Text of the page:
Read our expert interview with chef Jessica Lorigo of Mugaritz restaurant in San Sebastián, Spain. Interview conducted by Hilary Armstrong.
If you’re looking for more of the best places to eat, drink and stay in San Sebastián, check out our round up of where to eat, drink and stay in San Sebastián here…
When young American chef Jessica Lorigo, two years out of culinary school, signed up for an internship at Mugaritz – the avant-garde restaurant that resides in the top 10 of the World’s 50 Best – she barely even knew where Spain was, let alone the Basque Country. By the time she got to Mugaritz in March 2013 and met its maverick founder, Andoni Luis Aduriz, she’d done her homework, bought the cookbook, devoured hours of YouTube videos and was well and truly starstruck. “I did my research after getting accepted. I did it a little backwards,” she laughs, tickled by her own naivety. “I’m the kind of person who, when a door opens, just jumps right through.”
At first it was a struggle. “I knew no Spanish. I was confused as to why I had left everything I had known. Why would you put yourself through that? But to really grow, you need to get out of your comfort zone.”
Her leap into the unknown has paid off. The nine-month stay stretched to five years; the 28-year-old from Buffalo has got used to hanging with a culinary superhero (“He’s just a normal guy”) and is relishing her role as head chef at his latest concept, Topa Sukaldería in San Sebastián.
If Mugaritz, up in the hills outside San Sebastián, is high art, Topa is street art. Rowdy and colourful, all graffiti-covered walls, loud music and raw, recycled materials, the Basque-Latin American mash up is tailor-made for bubbly, punky Jessica with her pierced nose and bold tattoos. She loved her time at Mugaritz but when Andoni and his IXO Grupo partner Bixente Arrieta asked her to join the Topa project (opened February 2017), she couldn’t say no. “Mugaritz was amazing,” enthuses Jessica. “It’s so hard to describe because to me it’s not really a restaurant. It’s an experimental space. You learn how to really open your eyes and look at product.
“When they first asked me to do Topa I don’t think even they knew what it was yet. It was just an idea that Andoni had of a space, a concept.” The fact that Jessica had never set foot in Latin America – she still hasn’t been – didn’t matter. “I have just been living through Andoni’s travels,” she laughs.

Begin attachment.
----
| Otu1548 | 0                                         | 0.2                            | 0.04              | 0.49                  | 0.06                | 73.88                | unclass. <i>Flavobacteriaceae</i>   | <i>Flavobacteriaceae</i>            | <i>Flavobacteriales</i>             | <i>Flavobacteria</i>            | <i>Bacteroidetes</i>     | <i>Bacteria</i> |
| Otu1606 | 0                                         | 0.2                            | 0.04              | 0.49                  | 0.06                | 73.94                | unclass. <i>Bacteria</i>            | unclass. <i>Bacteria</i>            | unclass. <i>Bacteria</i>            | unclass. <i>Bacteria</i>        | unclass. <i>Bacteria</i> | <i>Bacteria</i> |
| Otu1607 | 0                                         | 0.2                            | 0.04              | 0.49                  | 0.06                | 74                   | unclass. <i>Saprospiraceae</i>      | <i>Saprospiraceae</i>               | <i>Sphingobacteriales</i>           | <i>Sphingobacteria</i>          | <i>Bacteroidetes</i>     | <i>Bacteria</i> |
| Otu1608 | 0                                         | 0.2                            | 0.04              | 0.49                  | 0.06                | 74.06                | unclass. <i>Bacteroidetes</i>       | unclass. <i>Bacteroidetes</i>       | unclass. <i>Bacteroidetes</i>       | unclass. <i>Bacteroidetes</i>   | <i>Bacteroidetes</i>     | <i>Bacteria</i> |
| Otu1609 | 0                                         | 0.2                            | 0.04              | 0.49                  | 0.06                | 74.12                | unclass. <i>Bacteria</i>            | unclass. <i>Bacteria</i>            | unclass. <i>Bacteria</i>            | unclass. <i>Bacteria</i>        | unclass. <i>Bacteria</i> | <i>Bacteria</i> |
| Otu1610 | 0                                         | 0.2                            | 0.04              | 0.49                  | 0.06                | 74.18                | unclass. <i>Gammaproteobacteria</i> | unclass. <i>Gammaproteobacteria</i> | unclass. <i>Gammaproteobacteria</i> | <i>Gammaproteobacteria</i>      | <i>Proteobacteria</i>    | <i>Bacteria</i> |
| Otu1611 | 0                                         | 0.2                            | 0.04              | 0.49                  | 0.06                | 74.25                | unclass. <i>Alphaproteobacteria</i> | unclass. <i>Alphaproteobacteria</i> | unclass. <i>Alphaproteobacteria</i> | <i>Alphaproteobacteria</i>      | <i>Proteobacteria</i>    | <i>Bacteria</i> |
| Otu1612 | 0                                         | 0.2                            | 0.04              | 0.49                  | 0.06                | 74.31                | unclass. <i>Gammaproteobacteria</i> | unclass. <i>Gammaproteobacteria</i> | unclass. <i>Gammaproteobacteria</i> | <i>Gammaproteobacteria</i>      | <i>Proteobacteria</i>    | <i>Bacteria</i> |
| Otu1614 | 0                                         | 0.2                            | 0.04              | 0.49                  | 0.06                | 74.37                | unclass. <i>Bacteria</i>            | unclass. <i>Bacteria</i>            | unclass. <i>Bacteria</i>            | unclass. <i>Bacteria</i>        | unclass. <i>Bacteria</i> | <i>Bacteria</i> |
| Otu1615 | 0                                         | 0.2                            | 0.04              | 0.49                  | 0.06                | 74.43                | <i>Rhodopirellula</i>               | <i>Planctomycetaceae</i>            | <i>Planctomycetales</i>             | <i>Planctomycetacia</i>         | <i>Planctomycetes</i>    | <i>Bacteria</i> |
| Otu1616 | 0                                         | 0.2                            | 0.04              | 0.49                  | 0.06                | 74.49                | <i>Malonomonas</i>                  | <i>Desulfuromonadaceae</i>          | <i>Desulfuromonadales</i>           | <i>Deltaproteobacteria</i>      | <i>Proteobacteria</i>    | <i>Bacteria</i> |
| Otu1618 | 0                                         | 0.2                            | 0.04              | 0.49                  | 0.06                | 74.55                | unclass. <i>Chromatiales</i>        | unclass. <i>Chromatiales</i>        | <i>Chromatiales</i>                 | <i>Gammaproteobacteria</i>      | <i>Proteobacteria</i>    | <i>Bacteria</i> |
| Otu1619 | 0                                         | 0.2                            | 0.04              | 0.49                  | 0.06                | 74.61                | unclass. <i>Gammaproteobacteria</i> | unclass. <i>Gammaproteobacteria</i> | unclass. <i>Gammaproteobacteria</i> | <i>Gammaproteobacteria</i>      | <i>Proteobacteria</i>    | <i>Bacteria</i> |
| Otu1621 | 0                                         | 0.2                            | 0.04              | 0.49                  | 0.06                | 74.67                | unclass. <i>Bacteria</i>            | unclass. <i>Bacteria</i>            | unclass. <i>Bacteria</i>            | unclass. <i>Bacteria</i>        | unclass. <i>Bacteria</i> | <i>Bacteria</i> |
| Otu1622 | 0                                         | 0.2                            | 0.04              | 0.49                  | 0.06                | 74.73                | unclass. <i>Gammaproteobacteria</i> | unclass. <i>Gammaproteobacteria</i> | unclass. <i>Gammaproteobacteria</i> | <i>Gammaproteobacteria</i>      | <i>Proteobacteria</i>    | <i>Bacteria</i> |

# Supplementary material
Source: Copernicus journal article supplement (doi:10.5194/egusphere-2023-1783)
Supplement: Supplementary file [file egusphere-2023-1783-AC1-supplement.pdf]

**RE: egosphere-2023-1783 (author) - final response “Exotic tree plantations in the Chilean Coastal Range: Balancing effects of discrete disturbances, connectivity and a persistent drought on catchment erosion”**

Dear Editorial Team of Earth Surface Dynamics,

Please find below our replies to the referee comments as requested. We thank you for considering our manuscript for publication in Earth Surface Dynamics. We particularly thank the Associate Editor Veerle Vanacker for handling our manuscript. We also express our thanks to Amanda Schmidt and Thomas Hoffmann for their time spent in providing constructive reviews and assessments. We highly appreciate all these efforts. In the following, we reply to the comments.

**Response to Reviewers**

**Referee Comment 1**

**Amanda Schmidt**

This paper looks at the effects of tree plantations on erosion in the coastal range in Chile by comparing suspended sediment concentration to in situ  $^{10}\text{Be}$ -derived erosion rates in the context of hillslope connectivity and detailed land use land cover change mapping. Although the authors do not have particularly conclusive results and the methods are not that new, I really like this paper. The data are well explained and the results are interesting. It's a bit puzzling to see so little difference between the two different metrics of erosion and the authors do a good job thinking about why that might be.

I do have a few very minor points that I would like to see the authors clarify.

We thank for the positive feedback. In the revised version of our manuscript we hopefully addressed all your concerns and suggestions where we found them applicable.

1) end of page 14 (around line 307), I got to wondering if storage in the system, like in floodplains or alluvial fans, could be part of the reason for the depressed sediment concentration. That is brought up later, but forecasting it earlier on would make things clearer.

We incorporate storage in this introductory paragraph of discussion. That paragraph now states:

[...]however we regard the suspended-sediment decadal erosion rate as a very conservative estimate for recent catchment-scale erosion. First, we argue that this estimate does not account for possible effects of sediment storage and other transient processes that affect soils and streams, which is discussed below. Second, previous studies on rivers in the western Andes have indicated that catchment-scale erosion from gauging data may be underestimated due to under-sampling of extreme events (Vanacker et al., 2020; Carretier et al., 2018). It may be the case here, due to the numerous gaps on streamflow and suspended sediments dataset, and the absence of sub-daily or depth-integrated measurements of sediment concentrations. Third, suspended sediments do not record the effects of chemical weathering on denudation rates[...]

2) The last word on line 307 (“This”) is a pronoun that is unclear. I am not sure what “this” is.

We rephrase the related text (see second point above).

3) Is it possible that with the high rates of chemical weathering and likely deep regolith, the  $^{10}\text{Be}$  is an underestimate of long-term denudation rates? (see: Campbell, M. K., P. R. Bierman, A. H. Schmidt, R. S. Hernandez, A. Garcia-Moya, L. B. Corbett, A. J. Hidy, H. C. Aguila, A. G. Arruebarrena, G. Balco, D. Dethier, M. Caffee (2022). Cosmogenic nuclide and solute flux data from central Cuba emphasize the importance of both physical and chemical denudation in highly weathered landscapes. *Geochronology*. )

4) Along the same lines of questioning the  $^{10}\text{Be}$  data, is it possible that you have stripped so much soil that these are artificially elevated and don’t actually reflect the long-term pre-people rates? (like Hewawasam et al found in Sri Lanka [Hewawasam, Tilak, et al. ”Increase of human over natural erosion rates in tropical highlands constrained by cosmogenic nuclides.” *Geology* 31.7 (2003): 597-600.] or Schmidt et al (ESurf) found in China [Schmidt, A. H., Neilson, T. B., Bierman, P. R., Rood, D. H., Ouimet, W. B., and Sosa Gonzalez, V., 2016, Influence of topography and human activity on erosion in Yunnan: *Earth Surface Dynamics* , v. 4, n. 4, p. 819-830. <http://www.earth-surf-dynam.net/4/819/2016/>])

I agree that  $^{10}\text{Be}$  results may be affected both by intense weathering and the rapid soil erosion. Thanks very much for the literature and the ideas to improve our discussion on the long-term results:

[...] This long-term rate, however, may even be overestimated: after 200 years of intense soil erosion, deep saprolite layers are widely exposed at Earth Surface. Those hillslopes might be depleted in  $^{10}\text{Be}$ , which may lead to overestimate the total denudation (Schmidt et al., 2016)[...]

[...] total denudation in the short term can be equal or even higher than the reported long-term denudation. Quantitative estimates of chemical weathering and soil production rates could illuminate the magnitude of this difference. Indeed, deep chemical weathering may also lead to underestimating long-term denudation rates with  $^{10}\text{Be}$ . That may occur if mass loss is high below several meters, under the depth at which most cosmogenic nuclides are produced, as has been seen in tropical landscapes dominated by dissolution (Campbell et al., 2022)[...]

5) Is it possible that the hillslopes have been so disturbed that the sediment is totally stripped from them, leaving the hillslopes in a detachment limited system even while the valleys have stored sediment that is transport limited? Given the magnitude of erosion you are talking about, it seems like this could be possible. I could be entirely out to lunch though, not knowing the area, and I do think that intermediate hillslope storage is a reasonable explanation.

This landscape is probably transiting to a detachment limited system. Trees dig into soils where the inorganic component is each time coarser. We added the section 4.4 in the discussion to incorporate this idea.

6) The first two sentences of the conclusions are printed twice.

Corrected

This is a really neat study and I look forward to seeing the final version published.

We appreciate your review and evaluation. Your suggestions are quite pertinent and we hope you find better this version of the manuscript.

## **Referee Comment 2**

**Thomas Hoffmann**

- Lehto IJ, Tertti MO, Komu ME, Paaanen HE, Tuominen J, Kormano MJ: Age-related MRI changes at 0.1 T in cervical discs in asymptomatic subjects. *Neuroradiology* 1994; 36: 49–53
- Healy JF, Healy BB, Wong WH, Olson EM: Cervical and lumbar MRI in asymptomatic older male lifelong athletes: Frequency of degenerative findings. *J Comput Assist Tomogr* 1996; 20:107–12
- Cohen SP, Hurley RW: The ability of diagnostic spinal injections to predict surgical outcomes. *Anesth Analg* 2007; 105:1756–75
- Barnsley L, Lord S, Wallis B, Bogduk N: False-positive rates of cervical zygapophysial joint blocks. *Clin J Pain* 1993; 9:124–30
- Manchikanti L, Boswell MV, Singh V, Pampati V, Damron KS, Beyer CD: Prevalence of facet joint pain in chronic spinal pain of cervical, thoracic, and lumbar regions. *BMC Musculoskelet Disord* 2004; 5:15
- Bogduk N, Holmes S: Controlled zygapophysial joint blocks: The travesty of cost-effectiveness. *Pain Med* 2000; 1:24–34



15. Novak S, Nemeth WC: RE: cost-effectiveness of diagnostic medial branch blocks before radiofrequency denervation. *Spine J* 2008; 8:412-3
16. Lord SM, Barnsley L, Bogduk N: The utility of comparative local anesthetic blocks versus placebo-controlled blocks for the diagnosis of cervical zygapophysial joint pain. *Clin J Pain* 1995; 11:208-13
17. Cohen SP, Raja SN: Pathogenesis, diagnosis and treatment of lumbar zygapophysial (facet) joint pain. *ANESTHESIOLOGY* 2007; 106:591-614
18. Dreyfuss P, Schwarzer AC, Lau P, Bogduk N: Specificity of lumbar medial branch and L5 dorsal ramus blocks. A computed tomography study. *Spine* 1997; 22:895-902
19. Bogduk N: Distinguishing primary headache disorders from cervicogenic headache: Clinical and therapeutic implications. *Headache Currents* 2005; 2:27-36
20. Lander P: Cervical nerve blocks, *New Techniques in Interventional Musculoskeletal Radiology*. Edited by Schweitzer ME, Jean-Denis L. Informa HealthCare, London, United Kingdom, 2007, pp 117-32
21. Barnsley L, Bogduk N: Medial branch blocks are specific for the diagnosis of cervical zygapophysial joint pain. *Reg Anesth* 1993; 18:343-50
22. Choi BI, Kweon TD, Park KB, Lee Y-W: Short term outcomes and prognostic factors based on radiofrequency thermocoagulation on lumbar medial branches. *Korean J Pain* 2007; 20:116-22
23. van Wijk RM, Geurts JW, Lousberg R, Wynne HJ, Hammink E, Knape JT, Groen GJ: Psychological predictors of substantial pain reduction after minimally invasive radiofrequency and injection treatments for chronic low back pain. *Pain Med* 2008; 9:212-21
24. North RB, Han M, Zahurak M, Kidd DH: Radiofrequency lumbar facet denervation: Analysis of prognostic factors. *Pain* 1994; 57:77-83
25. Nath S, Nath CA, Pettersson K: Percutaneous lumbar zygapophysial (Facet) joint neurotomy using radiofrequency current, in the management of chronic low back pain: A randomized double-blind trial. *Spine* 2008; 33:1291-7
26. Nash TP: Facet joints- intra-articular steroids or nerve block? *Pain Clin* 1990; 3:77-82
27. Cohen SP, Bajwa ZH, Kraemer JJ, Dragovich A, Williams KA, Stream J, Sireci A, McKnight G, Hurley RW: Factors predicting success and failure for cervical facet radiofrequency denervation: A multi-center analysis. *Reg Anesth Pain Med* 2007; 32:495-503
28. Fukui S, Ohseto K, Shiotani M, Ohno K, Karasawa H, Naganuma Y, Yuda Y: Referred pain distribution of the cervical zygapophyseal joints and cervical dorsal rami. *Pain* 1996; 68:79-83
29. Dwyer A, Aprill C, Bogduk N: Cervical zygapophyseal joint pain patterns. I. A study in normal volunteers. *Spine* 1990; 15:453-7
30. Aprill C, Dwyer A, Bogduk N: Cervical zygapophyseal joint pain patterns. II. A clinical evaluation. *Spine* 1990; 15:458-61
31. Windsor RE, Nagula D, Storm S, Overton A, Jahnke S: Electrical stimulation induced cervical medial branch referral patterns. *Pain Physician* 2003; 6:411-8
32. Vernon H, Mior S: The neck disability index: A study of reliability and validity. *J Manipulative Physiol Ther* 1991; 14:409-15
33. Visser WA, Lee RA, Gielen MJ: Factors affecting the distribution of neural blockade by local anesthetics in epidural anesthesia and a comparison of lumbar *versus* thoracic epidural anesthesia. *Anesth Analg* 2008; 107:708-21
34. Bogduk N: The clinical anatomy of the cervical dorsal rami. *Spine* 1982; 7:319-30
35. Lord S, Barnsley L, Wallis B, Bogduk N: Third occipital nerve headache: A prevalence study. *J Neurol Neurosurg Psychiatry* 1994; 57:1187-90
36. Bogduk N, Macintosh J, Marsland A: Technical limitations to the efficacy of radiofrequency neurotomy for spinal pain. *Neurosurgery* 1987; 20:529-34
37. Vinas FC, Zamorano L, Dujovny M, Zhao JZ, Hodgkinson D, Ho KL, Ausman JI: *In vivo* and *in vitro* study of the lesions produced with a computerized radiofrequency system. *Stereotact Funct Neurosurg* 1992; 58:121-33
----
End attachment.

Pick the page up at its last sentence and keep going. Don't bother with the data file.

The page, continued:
“There’s really nothing quite like what we’re doing in San Sebastián,” says Jessica. Nor anywhere else in the world for that matter. Topa Sukaldería, meaning ‘culinary meeting point’, tells the story of Basque immigration to Latin America. It’s the bricks-and-mortar realisation of an idea, the germ of which lay in Adoni’s observation that his ageing father would still cook with unmistakable touches of his hometown even after 60 years in San Sebastián. How might such culinary yearning play out across whole cultures over time? There are more than 10 million people of Basque descent in Latin America, and more than 15,000 Basque surnames – Guevara being among the most famous – in circulation. What happens when two cultures, two cuisines, meet?
Topa offers answers, in the form of its iconic tacotalos al pastor vasco, marinated in Basque pepper and cider vinegar instead of citrus, and topped with roasted apple in place of pineapple. The corn tacos (‘talos’ in Basque) are blended with millet – its usage locally predates corn – to enhance the flavour. Meanwhile, kalimotxo, that love-it-or-hate-it local tipple of red wine and cola, enriches braised veal empanadas. Another borrowing comes from Mexican chef Enrique Olvera’s kitchen: a 1,100-day-old mole that is ‘fed’ daily with Basque spices for an infusion of subtle local flavour. And to drink? Pisco cocktails and micheladas come up against euskojitos (Basque mojitos) and the local txakoli wine. The idea of authenticity is thrown wide open.
It’s an uneasy time to be a female American chef abroad. I catch up with Jessica in the week of Eater’s grim exposé of celebrity chef Mario Batali. She’s following the developments from afar and is stunned by what she’s heard. “It’s definitely not something I’ve heard about happening here. It’s quite shocking for me. I’ve never experienced anything like that,” she says. “Kitchen culture is definitely changing. That’s something that I stand for. The way I manage the kitchen is always with a lot of positive reinforcement. Kitchens don’t need to be this negative space.”
So how unusual is it to find a woman leading a kitchen in San Sebastián? Not very, asserts Jessica, citing three-star local hero Elena Arzak, as well as her own friends, Elena Ortiz, head chef at Topa’s sister restaurant Ni Neu, and (on the front-of-house side) Bella Bowring, co-owner of Geralds Bar. “Some of the best food that I’ve eaten here has been cooked by grandmothers in the kitchen making one-pot stews with garbanzo beans [chickpeas] or lentils. There’s a tradition for females to be in the kitchen. There are definitely women here crushing the game.”
As for the fact that Jessica is American, it barely registers these days as her Spanish routinely passes as native. “That’s cool,” she admits. “I’m always flattered when people ask me if I’m from Barcelona. If they think I’m Spanish then I must be doing something right.”